• Masai beadwork is beautiful and very detailed, although the large dramatic neck pieces are probably more appropriately displayed by westerners as art works than worn as pieces of jewelry.
  • Masai shields and spears are available in the markets of Moshi and Arusha. The spears come apart, so they can be packed in checked luggage.

Beads from the Pan African Gallery in Nairobi

Other East African Souvenirs: Textiles, Baskets, Jewelry, Soapstone

  • Traditional baskets called kiondos are beautiful, with prices starting about $10 or $15, depending on size and complexity.
  • Textiles include weavings, batiks, and the kanga (a woman’s sarong that usually has a motto printed on it) and kitenge (a sarong with no message).
  • Necklaces of trade beads, hand-made beads, and stone beads are widely available.
  • Soapstone carvings, bowls, plates and cups starts at a few dollars. They are beautiful — but fragile.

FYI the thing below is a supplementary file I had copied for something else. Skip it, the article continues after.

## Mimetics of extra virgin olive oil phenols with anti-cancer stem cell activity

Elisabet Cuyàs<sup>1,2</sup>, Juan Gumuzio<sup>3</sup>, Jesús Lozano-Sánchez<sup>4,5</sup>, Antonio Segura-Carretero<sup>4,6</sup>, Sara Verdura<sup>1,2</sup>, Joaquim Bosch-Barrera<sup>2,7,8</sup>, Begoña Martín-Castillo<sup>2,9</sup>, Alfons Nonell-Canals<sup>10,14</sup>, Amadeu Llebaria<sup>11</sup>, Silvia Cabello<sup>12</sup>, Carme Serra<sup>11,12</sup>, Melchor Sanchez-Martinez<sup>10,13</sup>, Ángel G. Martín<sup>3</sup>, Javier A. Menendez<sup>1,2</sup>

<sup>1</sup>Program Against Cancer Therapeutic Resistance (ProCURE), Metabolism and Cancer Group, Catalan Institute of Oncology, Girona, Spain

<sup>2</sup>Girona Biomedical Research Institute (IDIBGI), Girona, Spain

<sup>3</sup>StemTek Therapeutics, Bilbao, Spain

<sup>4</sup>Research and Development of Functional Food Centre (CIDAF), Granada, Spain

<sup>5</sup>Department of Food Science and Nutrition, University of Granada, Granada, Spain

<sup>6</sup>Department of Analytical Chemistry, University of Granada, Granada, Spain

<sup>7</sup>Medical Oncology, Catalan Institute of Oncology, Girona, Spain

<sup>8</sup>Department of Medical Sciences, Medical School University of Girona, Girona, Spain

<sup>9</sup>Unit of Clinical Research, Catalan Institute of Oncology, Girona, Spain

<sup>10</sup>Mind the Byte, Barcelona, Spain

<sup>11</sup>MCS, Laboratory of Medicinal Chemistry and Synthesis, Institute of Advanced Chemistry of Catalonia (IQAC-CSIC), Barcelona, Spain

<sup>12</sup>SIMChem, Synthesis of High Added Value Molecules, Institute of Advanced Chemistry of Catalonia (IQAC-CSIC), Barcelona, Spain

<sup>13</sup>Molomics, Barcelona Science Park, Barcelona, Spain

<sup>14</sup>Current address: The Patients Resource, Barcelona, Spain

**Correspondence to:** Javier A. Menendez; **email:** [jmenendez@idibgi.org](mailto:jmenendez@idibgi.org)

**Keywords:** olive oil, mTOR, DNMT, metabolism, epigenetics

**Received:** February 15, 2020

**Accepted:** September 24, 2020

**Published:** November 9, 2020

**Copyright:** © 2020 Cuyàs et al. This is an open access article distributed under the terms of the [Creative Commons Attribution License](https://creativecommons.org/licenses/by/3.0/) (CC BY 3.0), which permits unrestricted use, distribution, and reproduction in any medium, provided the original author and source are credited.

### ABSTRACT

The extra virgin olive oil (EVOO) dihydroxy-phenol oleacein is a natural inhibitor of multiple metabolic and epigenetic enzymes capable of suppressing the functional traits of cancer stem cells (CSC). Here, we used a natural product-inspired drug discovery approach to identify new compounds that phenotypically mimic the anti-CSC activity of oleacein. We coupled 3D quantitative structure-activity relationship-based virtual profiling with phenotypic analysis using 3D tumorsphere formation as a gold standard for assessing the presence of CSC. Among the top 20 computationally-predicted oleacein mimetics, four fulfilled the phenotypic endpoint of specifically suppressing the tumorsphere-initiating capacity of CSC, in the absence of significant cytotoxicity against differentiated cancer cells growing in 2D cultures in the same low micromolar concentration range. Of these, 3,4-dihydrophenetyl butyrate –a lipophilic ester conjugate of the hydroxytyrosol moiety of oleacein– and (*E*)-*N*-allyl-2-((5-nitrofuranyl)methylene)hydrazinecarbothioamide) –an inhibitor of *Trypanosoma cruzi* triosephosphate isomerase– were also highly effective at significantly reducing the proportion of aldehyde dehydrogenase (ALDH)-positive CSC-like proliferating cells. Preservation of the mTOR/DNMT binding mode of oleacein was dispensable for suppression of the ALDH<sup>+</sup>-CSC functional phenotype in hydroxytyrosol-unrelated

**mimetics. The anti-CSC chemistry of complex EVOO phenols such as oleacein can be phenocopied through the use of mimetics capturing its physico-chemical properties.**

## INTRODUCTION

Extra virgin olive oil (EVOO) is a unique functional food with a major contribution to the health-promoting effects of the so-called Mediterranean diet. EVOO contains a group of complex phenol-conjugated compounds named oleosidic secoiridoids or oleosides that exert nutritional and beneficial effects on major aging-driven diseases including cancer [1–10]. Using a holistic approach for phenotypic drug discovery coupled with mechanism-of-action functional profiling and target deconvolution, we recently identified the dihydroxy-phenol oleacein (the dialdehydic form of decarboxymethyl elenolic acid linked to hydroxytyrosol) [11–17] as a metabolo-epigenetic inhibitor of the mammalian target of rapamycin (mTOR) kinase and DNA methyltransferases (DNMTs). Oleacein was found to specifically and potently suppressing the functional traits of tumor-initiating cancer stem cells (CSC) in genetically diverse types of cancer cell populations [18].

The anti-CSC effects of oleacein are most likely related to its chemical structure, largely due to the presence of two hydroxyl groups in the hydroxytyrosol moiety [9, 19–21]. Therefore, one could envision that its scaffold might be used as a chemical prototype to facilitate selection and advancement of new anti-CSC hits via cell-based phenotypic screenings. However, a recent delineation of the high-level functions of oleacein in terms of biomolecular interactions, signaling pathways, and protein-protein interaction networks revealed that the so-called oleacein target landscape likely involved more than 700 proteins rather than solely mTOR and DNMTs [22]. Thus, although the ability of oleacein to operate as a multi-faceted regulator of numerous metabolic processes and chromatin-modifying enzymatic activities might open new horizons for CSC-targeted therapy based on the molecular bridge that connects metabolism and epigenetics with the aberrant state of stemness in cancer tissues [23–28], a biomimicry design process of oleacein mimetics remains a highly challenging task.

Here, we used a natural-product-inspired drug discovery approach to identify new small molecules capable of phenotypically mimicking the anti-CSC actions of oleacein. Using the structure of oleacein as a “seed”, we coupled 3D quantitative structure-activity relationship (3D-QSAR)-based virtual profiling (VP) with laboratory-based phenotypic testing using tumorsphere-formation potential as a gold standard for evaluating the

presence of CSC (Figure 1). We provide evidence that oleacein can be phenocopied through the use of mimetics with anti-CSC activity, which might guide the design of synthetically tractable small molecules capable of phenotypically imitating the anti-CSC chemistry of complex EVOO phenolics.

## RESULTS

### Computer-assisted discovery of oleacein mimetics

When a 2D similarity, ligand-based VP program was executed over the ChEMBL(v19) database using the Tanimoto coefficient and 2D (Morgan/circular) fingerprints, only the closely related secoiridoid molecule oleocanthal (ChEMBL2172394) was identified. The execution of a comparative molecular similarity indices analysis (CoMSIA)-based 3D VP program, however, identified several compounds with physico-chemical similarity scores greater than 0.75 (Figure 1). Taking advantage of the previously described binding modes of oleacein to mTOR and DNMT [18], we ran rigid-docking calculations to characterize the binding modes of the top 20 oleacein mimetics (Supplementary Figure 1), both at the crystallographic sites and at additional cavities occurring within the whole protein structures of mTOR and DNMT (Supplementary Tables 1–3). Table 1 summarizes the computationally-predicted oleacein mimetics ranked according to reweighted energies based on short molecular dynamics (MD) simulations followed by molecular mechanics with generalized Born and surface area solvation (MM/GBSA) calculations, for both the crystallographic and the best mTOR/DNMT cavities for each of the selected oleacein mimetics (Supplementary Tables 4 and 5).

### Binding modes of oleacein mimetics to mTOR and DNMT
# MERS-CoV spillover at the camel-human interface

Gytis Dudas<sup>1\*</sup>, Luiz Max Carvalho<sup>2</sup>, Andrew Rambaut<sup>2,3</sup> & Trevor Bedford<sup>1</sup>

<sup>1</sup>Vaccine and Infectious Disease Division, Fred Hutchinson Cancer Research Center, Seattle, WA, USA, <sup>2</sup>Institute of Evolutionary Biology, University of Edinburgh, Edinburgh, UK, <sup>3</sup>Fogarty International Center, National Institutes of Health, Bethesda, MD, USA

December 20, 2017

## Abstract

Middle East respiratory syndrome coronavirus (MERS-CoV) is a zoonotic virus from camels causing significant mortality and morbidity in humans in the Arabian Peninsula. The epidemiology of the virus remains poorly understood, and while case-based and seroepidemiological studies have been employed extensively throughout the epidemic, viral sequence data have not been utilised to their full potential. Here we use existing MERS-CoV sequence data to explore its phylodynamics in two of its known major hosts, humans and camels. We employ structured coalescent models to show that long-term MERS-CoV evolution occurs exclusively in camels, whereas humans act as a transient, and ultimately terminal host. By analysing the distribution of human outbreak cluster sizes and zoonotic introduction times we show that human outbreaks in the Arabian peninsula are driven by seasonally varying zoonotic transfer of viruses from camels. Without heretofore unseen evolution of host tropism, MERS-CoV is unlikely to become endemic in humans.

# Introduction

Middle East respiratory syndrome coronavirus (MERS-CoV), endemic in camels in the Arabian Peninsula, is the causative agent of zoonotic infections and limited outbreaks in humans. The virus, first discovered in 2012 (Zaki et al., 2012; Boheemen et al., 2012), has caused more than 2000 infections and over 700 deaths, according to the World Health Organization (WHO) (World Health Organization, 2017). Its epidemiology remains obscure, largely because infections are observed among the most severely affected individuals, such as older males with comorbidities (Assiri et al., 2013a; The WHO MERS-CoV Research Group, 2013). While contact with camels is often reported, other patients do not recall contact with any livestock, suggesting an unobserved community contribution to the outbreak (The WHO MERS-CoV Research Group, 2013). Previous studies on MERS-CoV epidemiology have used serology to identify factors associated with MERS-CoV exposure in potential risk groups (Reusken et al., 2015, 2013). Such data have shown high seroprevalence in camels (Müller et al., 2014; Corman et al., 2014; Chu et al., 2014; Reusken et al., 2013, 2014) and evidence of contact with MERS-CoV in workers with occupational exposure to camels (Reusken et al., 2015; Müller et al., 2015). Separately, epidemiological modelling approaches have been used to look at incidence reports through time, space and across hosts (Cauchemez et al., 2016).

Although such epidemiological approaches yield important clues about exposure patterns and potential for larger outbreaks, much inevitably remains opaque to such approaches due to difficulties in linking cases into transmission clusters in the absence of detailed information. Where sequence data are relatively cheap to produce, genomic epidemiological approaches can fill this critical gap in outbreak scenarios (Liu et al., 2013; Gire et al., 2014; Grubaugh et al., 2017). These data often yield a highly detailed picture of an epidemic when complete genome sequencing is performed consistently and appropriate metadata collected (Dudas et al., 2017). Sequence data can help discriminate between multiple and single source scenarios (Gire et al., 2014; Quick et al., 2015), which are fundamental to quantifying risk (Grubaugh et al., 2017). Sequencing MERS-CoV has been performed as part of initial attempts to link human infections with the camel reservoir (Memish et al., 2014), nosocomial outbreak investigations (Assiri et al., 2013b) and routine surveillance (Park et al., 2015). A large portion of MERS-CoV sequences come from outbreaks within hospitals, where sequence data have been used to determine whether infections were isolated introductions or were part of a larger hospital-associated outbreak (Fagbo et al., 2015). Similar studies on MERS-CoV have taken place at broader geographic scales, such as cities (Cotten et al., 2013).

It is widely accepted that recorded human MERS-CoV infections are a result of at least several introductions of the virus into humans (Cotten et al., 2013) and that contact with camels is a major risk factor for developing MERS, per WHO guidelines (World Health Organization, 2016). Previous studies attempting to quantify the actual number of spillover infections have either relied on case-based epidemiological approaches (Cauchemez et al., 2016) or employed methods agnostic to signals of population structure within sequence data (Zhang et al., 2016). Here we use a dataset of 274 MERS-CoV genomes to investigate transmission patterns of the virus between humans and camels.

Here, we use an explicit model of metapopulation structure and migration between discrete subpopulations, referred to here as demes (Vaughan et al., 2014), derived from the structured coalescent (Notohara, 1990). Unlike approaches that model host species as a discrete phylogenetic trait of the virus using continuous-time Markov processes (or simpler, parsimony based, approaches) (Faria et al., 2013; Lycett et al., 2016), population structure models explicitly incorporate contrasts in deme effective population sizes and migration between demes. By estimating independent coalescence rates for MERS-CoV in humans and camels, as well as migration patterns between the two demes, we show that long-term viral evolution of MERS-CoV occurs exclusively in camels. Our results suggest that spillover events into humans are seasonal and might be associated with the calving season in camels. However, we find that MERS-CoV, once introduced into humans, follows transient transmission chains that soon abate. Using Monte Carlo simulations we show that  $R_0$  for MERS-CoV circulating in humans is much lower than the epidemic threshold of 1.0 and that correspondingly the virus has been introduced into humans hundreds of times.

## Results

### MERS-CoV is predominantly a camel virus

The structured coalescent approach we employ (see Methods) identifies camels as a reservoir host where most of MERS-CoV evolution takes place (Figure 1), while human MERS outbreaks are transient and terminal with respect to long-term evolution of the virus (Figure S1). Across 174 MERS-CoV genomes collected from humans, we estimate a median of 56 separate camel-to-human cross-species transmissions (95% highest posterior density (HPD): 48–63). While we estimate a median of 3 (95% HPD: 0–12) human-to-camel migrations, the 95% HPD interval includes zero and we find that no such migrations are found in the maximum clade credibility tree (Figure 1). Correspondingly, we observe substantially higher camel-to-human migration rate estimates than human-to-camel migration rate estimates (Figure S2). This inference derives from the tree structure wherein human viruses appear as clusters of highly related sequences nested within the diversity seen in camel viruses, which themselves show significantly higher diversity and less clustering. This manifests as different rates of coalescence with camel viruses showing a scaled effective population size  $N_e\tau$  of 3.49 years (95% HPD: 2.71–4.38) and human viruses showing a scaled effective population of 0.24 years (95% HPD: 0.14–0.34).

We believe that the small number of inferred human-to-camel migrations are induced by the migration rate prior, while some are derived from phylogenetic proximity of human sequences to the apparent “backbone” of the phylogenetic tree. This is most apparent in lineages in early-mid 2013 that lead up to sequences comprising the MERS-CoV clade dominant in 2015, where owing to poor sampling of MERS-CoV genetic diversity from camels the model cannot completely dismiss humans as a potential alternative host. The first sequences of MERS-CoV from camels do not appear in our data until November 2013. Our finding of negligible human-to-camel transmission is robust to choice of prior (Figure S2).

Don’t get too caught up in the frenzy of the African market: I found that while I enjoy having my souvenirs to look at, the most valuable keepsakes I brought home were my photographs, and I bet the same will be true for you.


  • Bargaining is simply a necessity here. I’ve heard people on trips say they hate bargaining so they aren’t going to do it, but when my Swahili instructor took me to the market in Zanzibar to practice my Swahili by buying some vegetables, he ordered me to bargain so people wouldn’t think I was “a stupid tourist who didn’t know any better.” In East Africa the differential between the asking price and the actual price can be enormous.
  • Barter is also a possibility: Baseball caps and T-shirts with brand names are popular trades. I once traded an old pair of sneakers for a night in a hotel!
  • Don’t buy anything made of animal hides, horns, ivory, tortoiseshell, or coral. If you don’t know, can’t tell, and can’t find out, don’t buy. Items from endangered species are illegal to export from Africa or to import into your home country.




  1. Vaishaly says

    Thank you so much. Your article is relieving me so much, tips on good finds and bartering, especially. Very helpful, thank you for sharing your experience and insight. Hopefully I will be able to put your advice to good use while in Kenya. Departing in two weeks. Cheers.

    • Karen Berger says

      I’m glad you found it useful — I know how intimidating it can be to walk into a new bustling market in a new country and not be sure of the rules. Have a wonderful trip.